Definitions

Sorry, no definitions found.

Etymologies

Sorry, no etymologies found.

Examples

  • He is the Lord of sabaoth, that is, the Lord of hosts -- a Hebrew word retained in the Greek, as James v. 4.

    Commentary on the Whole Bible Volume VI (Acts to Revelation)

  • Behold, the hire of the labourers who have reaped down your fields, which is of you kept back by fraud, crieth: and the cries of them which have reaped are entered into the ears of the Lord of sabaoth.

    Jim Wallis: Video: Rush Limbaugh to Speak at Sojourners' Mobilization to End Poverty

  • QUOTATION: Sacred and inspired divinity, the sabaoth and port of all men’s labours and peregrinations.

    Quotations

  • Francis Bacon. (1561–1626) (continued) 1977Sacred and inspired divinity, the sabaoth and port of all men’s labours and peregrinations.

    Quotations

  • Behold, the hire of the laborers who have reaped down your fields, which is of you kept back by fraud, crieth: and the cries of them which have reaped are entered into the ears of the Lord of sabaoth.

    Our Day In the Light of Prophecy

  • Blair heartily joined, and he longed and prayed for the time to come when on every white-winged ship there should be gathered the servants of the Lord of sabaoth, rejoicing to call upon his holy name and give him glory for all his wondrous works.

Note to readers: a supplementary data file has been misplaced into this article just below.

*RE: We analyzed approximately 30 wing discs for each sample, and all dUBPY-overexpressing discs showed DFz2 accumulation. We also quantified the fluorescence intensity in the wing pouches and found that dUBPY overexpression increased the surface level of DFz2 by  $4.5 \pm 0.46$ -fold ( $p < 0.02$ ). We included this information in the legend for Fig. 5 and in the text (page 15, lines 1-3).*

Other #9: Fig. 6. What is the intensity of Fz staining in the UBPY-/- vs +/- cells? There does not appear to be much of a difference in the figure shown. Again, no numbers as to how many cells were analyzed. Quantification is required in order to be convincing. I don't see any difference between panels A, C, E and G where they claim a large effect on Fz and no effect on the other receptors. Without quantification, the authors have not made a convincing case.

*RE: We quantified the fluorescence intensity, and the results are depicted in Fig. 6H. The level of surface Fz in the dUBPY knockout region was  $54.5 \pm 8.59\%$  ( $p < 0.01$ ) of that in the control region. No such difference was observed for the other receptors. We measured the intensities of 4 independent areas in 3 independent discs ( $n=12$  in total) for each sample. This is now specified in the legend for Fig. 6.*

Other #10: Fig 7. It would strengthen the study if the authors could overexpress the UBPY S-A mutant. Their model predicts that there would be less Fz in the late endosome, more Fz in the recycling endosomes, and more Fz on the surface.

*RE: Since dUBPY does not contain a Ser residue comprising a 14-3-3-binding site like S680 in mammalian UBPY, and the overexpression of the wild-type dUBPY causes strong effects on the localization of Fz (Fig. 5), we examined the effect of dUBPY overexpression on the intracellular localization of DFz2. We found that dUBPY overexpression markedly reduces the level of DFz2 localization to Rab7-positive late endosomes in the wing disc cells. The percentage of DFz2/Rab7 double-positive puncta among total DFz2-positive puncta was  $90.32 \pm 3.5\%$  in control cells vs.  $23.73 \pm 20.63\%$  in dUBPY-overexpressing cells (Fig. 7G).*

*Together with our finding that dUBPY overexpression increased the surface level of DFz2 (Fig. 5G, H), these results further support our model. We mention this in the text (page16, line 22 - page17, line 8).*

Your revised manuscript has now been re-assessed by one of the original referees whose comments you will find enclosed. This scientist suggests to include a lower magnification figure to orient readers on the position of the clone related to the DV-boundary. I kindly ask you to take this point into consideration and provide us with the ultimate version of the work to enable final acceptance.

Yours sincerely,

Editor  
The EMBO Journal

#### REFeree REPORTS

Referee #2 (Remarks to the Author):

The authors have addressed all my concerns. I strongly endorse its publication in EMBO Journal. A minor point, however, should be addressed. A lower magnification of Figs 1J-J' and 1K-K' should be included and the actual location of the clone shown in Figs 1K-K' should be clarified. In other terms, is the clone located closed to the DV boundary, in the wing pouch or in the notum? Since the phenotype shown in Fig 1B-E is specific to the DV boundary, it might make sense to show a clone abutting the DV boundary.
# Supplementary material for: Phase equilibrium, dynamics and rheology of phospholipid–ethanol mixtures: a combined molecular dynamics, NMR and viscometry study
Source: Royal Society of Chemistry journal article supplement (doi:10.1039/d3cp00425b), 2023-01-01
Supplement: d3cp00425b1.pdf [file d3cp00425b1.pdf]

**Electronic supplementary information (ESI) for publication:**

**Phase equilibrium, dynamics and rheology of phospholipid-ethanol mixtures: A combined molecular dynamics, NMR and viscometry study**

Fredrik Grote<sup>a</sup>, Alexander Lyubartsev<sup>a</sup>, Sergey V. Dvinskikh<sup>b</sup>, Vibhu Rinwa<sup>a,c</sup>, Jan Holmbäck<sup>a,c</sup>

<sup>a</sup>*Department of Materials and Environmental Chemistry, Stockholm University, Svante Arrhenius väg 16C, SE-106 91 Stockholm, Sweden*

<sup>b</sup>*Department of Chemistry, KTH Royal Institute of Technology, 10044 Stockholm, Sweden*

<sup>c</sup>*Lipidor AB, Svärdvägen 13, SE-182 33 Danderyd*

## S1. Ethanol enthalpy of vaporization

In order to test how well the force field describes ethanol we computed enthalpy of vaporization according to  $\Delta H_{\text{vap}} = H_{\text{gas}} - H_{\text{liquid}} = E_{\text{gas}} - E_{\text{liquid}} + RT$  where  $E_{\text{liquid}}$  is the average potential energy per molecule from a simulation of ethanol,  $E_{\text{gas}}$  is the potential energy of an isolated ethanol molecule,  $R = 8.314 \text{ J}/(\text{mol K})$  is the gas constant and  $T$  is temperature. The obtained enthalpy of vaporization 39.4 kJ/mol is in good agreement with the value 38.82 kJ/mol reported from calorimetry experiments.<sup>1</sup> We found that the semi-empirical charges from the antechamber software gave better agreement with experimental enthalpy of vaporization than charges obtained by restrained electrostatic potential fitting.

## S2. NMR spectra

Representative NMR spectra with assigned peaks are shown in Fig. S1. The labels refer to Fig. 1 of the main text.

The Boy Patriot

  • Their greatest sin was not paying them to the poor, whose wages is their all. cries of them -- a double cry; both that of the hire abstractly, and that of the laborers hired. the Lord of sabaoth -- here only in the New Testament.

    Commentary Critical and Explanatory on the Whole Bible

  • Sacred and inspired divinity, the sabaoth and port of all men's labours and peregrinations.

    Familiar Quotations A Collection of Passages, Phrases, and Proverbs Traced to Their Sources in Ancient and Modern Literature

  • He complained of no personal annoyances; on the contrary, he declared he should have slept as well as ever he did in his life but for the abominable disturbances around him, of men calling to arms every half hour, when so much as a cat trotted by one of their posts — He would rather, he said, “have slept among a whole sabaoth of witches, if such creatures could be found.”

    Woodstock

  • It would be far more picturesque to describe a sabaoth of Lapland witches than a prayer-meeting of shouting converts, yet no friend of his race could help rejoicing to see the latter substituted for the former.

    Northern Travel Summer and Winter Pictures of Sweden, Denmark and Lapland

Comments

Log in or sign up to get involved in the conversation. It's quick and easy.